As anyone who’s met the literary acquaintance of Flavia de Luce knows, Alan Bradley is a devilishly clever and mysterious writer. Formerly a radio and television engineer who also taught scriptwriting and production, he has long been a storyteller and devotee of mysteries. He has written numerous children’s stories as well as a controversial book, Ms. Holmes of Baker Street (in collaboration with A.S. Sarjeant), which theorized that Sherlock Holmes might have been a woman.
Hmm. Children’s stories, a great yet inscrutable female detective… fertile ground for the emergence of a character such as 11-year-old Flavia, sleuth and poisoner extrordinaire. She stormed onto the scene in Mr. Bradley’s first novel, The Sweetness at the Bottom of the Pie, demanded her due, and got it. The book won the CWA Debut Dagger Award in 2007, the 2009 Agatha Award for Best First Novel. the 2010 Arthur Ellis Award for Best First Novel, the 2010 Spotted Owl Award, nominations for both the Anthony Award and a Macavity Award. There are more—quite a few more—but something tells me that Miss Flavia would insist I get on with it. So I will.
Alan Bradley’s latest novel, The Weed That Strings the Hangman’s Bag, continues Flavia’s adventures. Hard at work in his comfortable home office in Malta, he has recently put the finishing touches on the third book in the series. Let’s take a peek at his desk, shall we?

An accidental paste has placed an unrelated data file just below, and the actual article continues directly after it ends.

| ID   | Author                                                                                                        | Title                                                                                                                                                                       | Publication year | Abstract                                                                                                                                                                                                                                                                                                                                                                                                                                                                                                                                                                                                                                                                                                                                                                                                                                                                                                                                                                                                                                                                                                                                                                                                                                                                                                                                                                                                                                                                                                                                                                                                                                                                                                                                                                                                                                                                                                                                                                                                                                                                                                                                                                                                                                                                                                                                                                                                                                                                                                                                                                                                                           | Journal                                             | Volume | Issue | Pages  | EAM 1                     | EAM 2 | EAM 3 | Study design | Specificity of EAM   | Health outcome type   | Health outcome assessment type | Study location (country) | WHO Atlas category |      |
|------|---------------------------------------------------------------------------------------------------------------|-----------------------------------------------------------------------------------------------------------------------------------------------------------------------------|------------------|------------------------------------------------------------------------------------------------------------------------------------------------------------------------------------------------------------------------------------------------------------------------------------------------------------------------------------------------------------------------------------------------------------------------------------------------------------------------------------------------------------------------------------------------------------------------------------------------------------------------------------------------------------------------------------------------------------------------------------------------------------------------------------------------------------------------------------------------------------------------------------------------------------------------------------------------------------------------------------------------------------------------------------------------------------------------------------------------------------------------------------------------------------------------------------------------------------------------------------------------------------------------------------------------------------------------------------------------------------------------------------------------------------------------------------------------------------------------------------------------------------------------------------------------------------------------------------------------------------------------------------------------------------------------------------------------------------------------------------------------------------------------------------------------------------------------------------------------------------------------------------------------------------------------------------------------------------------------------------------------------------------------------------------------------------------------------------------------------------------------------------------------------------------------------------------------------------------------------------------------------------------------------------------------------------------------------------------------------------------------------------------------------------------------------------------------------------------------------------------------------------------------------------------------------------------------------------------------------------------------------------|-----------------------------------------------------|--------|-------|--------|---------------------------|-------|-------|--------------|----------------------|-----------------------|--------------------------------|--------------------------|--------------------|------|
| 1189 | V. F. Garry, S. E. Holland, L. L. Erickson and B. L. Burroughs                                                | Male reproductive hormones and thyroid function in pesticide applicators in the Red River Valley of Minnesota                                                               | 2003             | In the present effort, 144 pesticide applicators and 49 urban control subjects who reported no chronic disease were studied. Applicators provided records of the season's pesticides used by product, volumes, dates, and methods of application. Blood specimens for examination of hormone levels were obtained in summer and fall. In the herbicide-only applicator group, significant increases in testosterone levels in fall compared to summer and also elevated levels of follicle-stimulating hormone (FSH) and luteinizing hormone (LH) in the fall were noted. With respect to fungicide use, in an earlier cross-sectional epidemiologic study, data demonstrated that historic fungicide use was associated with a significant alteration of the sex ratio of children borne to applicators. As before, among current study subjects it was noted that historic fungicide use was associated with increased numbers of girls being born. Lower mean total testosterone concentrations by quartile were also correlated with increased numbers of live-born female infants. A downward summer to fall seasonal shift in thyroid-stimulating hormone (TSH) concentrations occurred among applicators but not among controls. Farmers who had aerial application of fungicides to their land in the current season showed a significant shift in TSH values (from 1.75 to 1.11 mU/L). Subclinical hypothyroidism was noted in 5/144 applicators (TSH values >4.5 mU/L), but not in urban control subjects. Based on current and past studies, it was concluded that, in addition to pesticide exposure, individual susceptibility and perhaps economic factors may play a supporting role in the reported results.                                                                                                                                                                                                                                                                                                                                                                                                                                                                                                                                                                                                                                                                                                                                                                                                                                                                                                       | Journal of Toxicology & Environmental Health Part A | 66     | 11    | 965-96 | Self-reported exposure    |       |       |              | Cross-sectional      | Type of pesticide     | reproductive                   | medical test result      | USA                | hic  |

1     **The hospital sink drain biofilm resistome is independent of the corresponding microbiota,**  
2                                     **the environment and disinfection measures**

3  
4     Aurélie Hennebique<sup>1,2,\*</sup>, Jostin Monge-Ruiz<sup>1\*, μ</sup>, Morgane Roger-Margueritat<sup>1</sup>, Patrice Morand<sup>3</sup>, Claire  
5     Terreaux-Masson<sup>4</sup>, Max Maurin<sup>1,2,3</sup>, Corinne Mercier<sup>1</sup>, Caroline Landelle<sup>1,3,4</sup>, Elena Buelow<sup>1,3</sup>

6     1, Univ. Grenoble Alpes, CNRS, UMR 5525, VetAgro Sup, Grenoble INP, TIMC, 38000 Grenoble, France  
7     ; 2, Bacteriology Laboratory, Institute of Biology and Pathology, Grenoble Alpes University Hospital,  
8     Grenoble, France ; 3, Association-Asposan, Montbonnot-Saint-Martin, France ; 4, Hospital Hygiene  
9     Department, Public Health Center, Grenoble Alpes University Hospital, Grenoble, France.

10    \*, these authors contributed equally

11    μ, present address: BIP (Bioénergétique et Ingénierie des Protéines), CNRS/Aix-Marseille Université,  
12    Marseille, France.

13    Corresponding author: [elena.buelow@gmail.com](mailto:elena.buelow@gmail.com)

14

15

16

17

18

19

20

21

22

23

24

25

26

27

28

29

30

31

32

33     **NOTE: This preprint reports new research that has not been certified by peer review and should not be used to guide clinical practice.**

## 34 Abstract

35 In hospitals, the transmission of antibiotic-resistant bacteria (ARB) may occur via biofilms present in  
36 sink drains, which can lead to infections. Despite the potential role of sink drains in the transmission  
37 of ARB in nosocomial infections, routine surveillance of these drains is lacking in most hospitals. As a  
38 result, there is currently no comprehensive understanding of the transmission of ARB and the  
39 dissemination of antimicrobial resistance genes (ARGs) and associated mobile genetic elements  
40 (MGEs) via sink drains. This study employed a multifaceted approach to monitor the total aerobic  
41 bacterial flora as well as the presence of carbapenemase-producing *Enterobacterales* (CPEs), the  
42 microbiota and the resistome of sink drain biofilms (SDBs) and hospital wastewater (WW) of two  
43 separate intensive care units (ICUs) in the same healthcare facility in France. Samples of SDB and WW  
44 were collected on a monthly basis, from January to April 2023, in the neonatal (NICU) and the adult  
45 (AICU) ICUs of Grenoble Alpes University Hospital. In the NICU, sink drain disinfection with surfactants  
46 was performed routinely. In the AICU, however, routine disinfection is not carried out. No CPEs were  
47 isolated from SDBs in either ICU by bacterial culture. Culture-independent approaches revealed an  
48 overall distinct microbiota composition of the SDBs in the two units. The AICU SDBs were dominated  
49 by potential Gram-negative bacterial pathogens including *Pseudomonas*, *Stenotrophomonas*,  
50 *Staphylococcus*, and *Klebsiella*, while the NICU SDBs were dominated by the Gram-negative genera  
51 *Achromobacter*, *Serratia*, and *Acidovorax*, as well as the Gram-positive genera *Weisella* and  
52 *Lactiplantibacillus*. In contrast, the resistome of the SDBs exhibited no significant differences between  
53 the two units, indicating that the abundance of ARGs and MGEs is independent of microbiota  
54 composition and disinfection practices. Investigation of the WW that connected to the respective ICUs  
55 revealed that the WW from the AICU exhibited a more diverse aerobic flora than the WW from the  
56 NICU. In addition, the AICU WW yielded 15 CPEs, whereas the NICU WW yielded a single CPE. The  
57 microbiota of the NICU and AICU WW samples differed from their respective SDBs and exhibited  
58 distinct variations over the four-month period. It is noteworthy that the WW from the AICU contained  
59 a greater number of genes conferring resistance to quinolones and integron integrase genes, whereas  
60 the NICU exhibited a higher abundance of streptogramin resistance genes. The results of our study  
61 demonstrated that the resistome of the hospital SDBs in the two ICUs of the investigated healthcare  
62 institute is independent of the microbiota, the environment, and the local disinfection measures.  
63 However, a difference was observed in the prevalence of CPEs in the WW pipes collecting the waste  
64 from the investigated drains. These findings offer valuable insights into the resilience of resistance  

What does your desk—the bare desk itself—look like, and how did you acquire it?
My desk is a maple kitchen table which, with its extra leaves inserted, once sat a family of ten. My wife bought it at a garage sale years ago to use as a quilting table, but, at least for now, has kindly handed it over to my writing activities.
What’s on your desk?
An oilcloth covering, two computers, two cats, a dictionary, a map, a dish of almonds, and several boxes of assorted “stuff”: paperclips, highlighters, elastics, postage stamps, letter-openers.
What do you wish wasn’t on your desk?
A small clear area in the far corner.
Are there artifacts in your office that relate to your current project?
Other than books, no.
Are there living things in your office (besides yourself)?
What else surrounds you?
Tall windows, stone arches, bookcases.
What’s on the walls?
More bookcases, and a number of lovely awards.
What have you lost in your office that you really wish you could find?
A guidebook to London.
What tools do you write with?
A laptop running Microsoft Word and a treasured collection of outdated reference books, such as Whitaker’s Almanack for 1950.
Is anyone allowed to come in and clean?
Only occasionally—and by appointment.
T. Myers is a writer who—okay, I know you’re not going to believe this, but it’s true—suddenly finds herself sitting at a clean desk, in a clean office.
(Photo by Jeff Bassett, all images courtesy of Alan Bradley)